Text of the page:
Why Sudan is shutting down its Internet



Sudan’s military authorities are shutting down the Internet in an effort to suffocate the current pro-democracy protest movement.

Internet shutdowns are not new, but they have become increasingly popular instrument among dictators and autocrats who want to control their citizenry and preempt political threats, says Steven Feldstein, the holder of the Frank and Bethine Church Chair of Public Affairs and an associate professor at Boise State University.

My research indicates that Internet shutdowns are one item in a broader toolkit of digital repression that includes digital surveillance, online censorship, cyberattacks and hacking, disinformation, and targeted arrests and detentions of Internet users. As more citizens exclusively rely on the Internet to communicate and conduct business, autocratic governments are increasing their efforts to monitor and control cyberspace, he writes for The Post’s Monkey Cage blog.

Given the high cost and dubious impact, why is the Sudanese regime relying on shutting down the Internet? asks Feldstein, a nonresident fellow in Carnegie’s Democracy, Conflict, and Governance Program:

  • First, the Sudanese regime is desperate. It has few places left to turn to solidify its political survival. Its military junta is already tapping financial spigots from Saudi Arabia and the UAE, but that money won’t last forever. The regime needs to show short-term strength to assure its backers that it is worth supporting. As a result, the junta is willing to sacrifice Sudan’s long-term economic stability for short-term gain. Shutting down the Internet, like heavy violence, is part of a last-ditch strategy to break the protesters’ momentum and buy time for the regime.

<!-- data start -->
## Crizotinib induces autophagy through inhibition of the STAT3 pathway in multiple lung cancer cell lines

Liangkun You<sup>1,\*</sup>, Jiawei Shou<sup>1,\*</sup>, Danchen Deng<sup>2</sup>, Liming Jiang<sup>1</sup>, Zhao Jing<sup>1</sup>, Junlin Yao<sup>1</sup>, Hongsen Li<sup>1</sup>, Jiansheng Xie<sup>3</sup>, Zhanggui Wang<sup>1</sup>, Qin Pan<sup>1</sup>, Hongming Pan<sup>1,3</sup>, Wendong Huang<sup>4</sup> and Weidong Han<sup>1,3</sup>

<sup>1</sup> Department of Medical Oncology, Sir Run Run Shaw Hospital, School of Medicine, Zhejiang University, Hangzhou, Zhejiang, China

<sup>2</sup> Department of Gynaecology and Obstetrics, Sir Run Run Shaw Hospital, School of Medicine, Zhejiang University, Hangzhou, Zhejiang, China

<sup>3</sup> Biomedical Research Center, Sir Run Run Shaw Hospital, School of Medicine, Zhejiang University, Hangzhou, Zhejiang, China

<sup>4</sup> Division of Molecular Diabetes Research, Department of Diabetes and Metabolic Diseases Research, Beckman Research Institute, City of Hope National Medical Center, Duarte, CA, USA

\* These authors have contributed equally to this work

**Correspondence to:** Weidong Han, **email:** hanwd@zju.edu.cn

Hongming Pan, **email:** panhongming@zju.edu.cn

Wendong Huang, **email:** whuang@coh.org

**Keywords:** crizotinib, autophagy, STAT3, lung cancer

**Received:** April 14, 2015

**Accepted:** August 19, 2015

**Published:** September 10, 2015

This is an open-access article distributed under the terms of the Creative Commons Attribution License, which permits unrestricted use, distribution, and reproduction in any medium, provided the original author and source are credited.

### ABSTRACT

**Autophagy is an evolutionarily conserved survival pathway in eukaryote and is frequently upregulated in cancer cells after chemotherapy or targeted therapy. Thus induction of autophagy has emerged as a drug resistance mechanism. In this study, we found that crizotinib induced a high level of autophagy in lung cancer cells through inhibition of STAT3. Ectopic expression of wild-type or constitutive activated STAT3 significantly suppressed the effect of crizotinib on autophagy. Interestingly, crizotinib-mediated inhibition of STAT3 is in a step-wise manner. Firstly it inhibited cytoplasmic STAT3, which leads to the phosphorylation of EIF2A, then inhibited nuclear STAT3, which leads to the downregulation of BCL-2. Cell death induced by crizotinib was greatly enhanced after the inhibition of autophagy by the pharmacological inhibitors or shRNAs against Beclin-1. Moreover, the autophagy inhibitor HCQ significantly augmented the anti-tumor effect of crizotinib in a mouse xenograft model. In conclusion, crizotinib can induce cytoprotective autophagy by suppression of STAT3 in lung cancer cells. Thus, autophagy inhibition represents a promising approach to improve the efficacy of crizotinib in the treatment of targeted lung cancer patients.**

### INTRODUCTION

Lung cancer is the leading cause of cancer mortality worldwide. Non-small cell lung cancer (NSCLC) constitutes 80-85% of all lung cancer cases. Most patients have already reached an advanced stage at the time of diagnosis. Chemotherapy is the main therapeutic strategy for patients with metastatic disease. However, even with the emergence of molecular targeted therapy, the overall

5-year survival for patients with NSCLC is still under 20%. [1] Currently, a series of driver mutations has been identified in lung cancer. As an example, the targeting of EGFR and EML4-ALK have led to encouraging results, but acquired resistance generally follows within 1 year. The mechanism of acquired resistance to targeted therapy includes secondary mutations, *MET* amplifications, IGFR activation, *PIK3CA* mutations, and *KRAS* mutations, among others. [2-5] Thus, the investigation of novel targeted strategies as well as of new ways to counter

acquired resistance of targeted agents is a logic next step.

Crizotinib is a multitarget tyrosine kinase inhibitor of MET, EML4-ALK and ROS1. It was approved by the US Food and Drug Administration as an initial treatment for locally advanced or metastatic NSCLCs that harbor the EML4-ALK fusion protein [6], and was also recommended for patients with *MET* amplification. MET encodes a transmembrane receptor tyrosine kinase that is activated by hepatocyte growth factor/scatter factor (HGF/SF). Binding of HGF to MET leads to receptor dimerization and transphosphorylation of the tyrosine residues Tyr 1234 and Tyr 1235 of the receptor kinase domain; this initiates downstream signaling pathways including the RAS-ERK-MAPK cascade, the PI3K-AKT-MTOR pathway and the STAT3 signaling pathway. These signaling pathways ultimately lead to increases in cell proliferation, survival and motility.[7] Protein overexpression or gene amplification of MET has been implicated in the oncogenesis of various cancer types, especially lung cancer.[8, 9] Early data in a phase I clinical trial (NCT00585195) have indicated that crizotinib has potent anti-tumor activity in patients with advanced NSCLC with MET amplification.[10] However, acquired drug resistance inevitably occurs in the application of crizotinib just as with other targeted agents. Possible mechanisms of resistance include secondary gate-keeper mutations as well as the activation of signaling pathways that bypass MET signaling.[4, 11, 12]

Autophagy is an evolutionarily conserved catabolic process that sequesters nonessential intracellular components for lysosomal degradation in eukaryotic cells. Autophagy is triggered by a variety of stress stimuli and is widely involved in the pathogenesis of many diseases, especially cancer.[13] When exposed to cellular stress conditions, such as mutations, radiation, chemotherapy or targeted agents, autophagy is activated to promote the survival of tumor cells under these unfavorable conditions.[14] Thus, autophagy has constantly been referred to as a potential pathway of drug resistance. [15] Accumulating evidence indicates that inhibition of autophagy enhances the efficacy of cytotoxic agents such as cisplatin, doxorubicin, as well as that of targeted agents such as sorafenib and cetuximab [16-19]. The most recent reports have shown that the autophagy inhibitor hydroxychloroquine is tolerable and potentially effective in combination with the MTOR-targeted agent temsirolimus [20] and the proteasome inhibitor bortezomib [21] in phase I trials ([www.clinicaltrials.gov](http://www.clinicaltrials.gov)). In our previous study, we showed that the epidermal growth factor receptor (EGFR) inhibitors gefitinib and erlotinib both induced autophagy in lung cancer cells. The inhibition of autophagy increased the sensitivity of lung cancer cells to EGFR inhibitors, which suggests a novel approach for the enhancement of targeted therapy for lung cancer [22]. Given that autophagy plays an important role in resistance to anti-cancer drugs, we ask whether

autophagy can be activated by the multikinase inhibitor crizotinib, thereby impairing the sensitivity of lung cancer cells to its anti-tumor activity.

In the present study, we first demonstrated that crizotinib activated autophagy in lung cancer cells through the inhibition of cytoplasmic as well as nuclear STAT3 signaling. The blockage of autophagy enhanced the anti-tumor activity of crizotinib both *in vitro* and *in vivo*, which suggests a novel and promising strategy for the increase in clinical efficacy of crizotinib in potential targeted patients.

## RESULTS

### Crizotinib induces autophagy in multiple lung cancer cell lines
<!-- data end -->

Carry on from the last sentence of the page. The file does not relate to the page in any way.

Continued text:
• Second, comparatively few of Sudan’s citizens use the Internet: only 31 percent of its 40 million citizens have access to it, and only 7 percent of the population use social media. That means shutting down those services doesn’t hurt its economy as much as it would those of more developed economies. Moreover, its most active Internet users overlap heavily with those who are demonstrating. Individuals who will suffer most from a shutdown are the very protesters the regime is trying to quash.
  • Third, Sudan’s security state is a victim of what social scientists call “path dependency.” Disrupting the Internet is a tactic it deploys often and knows well. It doesn’t have the right infrastructure to implement more sophisticated instruments of digital repression, and now is too late to shift course. Across the region, it sees many of its peers deploying the same tactics to counter government protests; 22 African countries have recorded Internet shutdowns in the last five years, from Ethiopia and Uganda to Zimbabwe. The Sudanese regime knows it is in good company when it comes to deploying this strategy. Why change? RTWT

In the next few days, there are hopes that pressure from the international community will force the military back to negotiations with civilian groups, reports suggest. Whether another round of talks can yield a legitimate democracy for Sudan is another question, says Amal Madibbo, an associate professor at the University of Calgary. But many are optimistic that new negotiations will occur while curtailing violence.

“This time is different because there is a lot of international pressure on the government to pass it to civilians,” she says. “But it doesn’t guarantee anything because the military is unpredictable.”

Sudanese civil society groups (below), including several partners of the National Endowment for Democracy, have called for a negotiated transition to democracy.

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